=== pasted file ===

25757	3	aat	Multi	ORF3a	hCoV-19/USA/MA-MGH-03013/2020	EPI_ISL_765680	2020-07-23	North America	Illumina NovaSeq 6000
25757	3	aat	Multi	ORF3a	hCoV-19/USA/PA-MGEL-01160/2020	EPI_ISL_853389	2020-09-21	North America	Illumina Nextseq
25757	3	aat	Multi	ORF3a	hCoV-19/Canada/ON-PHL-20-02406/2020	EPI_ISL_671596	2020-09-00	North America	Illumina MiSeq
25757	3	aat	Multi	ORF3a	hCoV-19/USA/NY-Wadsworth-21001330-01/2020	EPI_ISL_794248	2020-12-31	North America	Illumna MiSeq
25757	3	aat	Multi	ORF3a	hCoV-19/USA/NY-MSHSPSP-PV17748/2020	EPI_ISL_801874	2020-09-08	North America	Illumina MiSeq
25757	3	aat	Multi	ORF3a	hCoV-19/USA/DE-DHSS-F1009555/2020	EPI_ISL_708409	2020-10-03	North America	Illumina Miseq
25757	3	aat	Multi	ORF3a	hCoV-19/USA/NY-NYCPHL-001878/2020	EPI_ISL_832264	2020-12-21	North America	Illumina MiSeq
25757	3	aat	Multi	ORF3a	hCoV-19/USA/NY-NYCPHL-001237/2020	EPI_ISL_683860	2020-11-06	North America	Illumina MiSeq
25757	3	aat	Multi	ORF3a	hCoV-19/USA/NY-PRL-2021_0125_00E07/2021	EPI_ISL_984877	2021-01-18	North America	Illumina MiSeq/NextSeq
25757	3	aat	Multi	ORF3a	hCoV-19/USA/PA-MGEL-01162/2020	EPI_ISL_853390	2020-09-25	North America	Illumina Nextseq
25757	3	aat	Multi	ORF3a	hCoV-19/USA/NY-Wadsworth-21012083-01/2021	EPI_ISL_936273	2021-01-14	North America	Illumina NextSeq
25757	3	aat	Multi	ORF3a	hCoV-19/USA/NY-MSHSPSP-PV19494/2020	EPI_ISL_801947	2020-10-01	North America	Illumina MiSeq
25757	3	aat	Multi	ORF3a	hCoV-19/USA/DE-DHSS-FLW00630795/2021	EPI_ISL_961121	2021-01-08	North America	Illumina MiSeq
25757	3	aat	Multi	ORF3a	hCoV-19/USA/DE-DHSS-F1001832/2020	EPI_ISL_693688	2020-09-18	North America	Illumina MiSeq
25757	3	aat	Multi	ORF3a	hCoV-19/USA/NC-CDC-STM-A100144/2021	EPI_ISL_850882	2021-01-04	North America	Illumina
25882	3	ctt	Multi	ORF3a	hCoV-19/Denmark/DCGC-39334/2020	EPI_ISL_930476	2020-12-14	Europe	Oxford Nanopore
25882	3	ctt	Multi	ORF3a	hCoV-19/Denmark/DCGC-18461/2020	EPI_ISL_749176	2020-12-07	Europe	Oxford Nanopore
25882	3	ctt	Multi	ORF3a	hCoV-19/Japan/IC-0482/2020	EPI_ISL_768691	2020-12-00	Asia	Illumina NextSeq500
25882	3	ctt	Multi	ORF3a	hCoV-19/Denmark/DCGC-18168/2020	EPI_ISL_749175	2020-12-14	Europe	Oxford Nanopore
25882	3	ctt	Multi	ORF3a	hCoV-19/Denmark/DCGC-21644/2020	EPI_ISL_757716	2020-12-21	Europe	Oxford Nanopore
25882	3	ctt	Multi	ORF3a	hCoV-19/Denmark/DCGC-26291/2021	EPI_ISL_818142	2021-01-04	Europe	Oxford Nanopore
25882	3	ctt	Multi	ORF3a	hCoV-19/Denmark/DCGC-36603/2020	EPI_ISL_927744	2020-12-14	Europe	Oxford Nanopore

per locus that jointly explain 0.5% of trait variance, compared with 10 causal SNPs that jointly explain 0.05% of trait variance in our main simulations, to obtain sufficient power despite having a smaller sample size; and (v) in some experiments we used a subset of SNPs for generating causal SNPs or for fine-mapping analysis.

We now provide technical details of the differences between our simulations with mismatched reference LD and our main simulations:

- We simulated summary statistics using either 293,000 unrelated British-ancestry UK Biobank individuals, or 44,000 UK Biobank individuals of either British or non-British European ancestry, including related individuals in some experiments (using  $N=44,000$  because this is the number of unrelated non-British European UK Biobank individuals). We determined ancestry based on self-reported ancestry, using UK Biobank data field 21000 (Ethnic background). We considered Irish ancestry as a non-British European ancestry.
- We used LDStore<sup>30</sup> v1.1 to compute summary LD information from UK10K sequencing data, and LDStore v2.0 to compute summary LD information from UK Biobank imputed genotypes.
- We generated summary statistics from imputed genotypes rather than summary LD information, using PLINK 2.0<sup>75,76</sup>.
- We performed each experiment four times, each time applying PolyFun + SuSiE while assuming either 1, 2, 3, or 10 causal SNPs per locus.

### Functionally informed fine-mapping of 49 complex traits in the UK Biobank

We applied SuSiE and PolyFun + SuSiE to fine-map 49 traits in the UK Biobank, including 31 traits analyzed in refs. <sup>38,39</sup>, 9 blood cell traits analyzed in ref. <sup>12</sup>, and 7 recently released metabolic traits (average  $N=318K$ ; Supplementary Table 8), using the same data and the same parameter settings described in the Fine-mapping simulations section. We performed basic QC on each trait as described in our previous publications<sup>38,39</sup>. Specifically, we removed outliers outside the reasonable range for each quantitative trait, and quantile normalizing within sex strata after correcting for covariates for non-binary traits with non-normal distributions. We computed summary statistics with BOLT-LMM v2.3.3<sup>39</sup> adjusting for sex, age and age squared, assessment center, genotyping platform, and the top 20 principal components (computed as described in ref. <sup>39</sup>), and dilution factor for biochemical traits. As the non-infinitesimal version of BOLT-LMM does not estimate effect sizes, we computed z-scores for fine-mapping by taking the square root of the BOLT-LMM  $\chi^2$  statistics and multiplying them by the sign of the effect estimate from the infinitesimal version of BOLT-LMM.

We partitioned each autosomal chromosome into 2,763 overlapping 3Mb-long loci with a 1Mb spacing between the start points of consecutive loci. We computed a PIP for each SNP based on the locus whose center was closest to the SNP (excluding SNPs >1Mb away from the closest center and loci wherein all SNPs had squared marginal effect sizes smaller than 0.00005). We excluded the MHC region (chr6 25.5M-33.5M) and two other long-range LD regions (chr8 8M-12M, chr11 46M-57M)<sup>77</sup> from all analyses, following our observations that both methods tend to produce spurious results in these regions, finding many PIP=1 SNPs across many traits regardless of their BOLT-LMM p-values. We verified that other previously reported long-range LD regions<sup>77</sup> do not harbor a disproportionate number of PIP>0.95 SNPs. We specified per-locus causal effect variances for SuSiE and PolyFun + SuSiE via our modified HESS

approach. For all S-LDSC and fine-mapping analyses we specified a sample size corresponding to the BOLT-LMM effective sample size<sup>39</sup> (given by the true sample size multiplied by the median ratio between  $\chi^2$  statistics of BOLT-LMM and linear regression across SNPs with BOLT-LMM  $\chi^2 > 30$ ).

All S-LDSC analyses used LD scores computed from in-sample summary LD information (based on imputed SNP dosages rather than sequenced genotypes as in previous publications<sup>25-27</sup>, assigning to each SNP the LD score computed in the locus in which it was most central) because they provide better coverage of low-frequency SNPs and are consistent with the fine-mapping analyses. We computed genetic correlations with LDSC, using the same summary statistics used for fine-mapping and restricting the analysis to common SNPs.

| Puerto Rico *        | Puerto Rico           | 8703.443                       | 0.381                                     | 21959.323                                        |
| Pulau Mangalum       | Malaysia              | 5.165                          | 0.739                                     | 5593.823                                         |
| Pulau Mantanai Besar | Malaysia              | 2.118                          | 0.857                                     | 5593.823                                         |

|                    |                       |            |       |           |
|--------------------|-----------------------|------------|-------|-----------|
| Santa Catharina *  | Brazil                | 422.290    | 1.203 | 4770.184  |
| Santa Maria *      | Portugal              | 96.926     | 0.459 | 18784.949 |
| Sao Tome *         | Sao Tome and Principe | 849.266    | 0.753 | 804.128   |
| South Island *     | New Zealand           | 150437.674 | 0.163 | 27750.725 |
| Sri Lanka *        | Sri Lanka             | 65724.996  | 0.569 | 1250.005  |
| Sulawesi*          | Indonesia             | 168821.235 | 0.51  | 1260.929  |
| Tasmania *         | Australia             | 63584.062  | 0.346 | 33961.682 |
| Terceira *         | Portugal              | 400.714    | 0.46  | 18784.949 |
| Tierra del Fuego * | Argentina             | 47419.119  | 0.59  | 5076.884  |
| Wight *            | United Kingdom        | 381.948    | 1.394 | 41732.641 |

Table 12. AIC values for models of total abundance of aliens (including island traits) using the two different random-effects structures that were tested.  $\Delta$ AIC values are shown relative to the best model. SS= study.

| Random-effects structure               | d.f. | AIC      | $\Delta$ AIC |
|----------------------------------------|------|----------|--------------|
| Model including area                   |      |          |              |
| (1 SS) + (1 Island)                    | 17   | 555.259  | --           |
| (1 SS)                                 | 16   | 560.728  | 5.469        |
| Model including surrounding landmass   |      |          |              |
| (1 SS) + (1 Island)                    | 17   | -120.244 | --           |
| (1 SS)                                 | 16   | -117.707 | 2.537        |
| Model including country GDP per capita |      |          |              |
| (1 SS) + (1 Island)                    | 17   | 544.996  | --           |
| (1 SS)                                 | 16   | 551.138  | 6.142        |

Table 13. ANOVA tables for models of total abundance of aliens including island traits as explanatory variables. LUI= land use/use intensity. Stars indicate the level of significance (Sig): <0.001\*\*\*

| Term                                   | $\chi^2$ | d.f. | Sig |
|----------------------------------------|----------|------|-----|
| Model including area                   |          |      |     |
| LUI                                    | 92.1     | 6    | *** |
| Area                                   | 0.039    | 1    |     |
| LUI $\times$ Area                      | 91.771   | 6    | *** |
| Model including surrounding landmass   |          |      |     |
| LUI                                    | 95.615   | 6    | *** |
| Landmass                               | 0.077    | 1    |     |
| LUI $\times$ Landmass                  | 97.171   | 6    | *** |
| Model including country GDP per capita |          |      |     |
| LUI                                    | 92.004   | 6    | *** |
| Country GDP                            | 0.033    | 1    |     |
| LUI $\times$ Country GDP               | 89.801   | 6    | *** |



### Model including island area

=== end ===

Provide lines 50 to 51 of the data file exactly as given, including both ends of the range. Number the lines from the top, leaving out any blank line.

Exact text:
| Random-effects structure               | d.f. | AIC      | $\Delta$ AIC |
|----------------------------------------|------|----------|--------------|